Real-time visibility is key to completely understanding the current state of your IT infrastructure. In October 2014, Facebook made low-level operating system monitoring easier by releasing their endpoint and server security monitoring tool, osquery, as an open-source project.
The project was developed to be operating-system agnostic. This means that it can operate on Windows, Linux, and Apple OSX. By exposing collected data via Structured Query Language (SQL), a request for information on Windows works the same as it does on Apple OSX. With this structure, operating system-level information such as network, memory and service, process activity, and configurations can all be collected on a scheduled basis or queried in real time.
This kind of low-level host-based information is extremely useful for security analysts looking to detect malicious activities. However, osquery does not provide aggregate log collection—this is left to the administrator. Fortunately, LogRhythm can easily manage and collect these osquery logs and then turn them into actionable insight to drive rapid detection and response via SmartResponse actions.
Building a LogRhythm SmartResponse Action
With a LogRhythm SmartResponse automated playbook action, you can ask questions of an asset within your environment to find potentially malicious activity, in real time, all from a single application. Even better: Creating a SmartResponse action in LogRhythm is simple. By following the LogRhythm SmartResponse Plug-in Development Guide you can easily create a rule. I’ve provided a quick and dirty proof of concept below for this use case as an example.
- Actions.xml file:
- Powershell (or any language of your choosing) Script
- Create a SmartResponse by importing the above files. Now you’re ready to start asking questions.
Using LogRhythm SmartResponse To Gather Indicators of Malicious Activity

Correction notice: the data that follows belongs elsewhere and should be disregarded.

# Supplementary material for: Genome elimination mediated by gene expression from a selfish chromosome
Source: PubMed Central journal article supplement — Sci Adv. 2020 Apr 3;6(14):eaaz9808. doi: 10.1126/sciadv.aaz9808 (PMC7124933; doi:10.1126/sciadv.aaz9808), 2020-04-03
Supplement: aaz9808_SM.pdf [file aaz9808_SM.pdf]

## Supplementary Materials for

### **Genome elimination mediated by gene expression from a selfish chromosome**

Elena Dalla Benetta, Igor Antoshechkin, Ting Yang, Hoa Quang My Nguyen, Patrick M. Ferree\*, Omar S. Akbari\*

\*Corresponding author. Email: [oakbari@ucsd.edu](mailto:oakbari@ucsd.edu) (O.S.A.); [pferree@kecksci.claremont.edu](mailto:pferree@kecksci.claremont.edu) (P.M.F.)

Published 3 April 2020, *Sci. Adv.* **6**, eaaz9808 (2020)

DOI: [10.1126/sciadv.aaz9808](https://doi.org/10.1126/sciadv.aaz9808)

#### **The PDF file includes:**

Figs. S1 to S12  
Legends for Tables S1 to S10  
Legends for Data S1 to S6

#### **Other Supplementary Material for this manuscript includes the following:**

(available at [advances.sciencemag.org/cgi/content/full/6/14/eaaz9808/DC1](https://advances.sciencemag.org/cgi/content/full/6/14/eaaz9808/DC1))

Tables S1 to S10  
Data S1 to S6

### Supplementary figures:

In this use case, I am acting as an analyst, and I want to understand what is happening on server SIP01. Unfortunately, I don’t have direct access to this device. But I do have osquery installed as an agent, which can help me remotely run a query. This time, I want to understand which users currently exist on the system and which new users have been recently created. With just a click, I can activate my pre-existing SmartResponse action and automatically run a query to return all users.
Figure 1: Facebook osquery SmartResponse to Return All Users of SIP01 (Click on images to view larger.)
Once prompted, osquery can return results in multiple formats for analysis. Here I have results available in either JSON or CSV format.
Figure 2: SmartResponse JSON-Formatted Output (Click on images to view larger.)
Figure 3: SmartResponse CSV-Formatted Output (Click on images to view larger.)
And there I have it! I now have log messages output of a system, server SIP01, that I would have otherwise not been able to without LogRhythm and osquery. From here, I can analyze the output. If I had seen something suspicious, I could attach the information to a case to bring additional details and insight to my team.
As an analyst, I was able to quickly and efficiently query a third-party system via osquery and get a real-time response on the status of the asset. I didn’t need to log a ticket with another department or phone someone. What’s more, I can quickly find an important answer without having to pivot to an interface outside of LogRhythm, effectively simplifying my Threat Lifecycle Management process and saving even more valuable time.
Being able to integrate LogRhythm and osquery to instantly question and understand the current state of your IT infrastructure opens up a huge array of other possible uses cases. I’ve included several other useful queries, adapted from Jen Andrew’s blog post, that can be run via SmartResponse from the Web UI to gather value security related information from endpoints and servers to detect or respond threats.
Other Useful Threat-Hunting Queries
Process Activity by Highest Memory Utilization
This SmartResponse query detects all running processes listed by highest memory utilization.
Figure 4: SmartResponse Process Activity Query Output (Click on images to view larger.)
Process Activity by Count
This SmartResponse query shows processes with the highest active count.
Figure 5: SmartResponse Process Activity by Count Query Output (Click on images to view larger.)
Running Processes with No Matching Binary
This SmartResponse query checks for a running process where there is no matching running binary on disk.
Figure 6: SmartResponse Running Processes with no Matching Binary Query Output (Click on images to view larger.)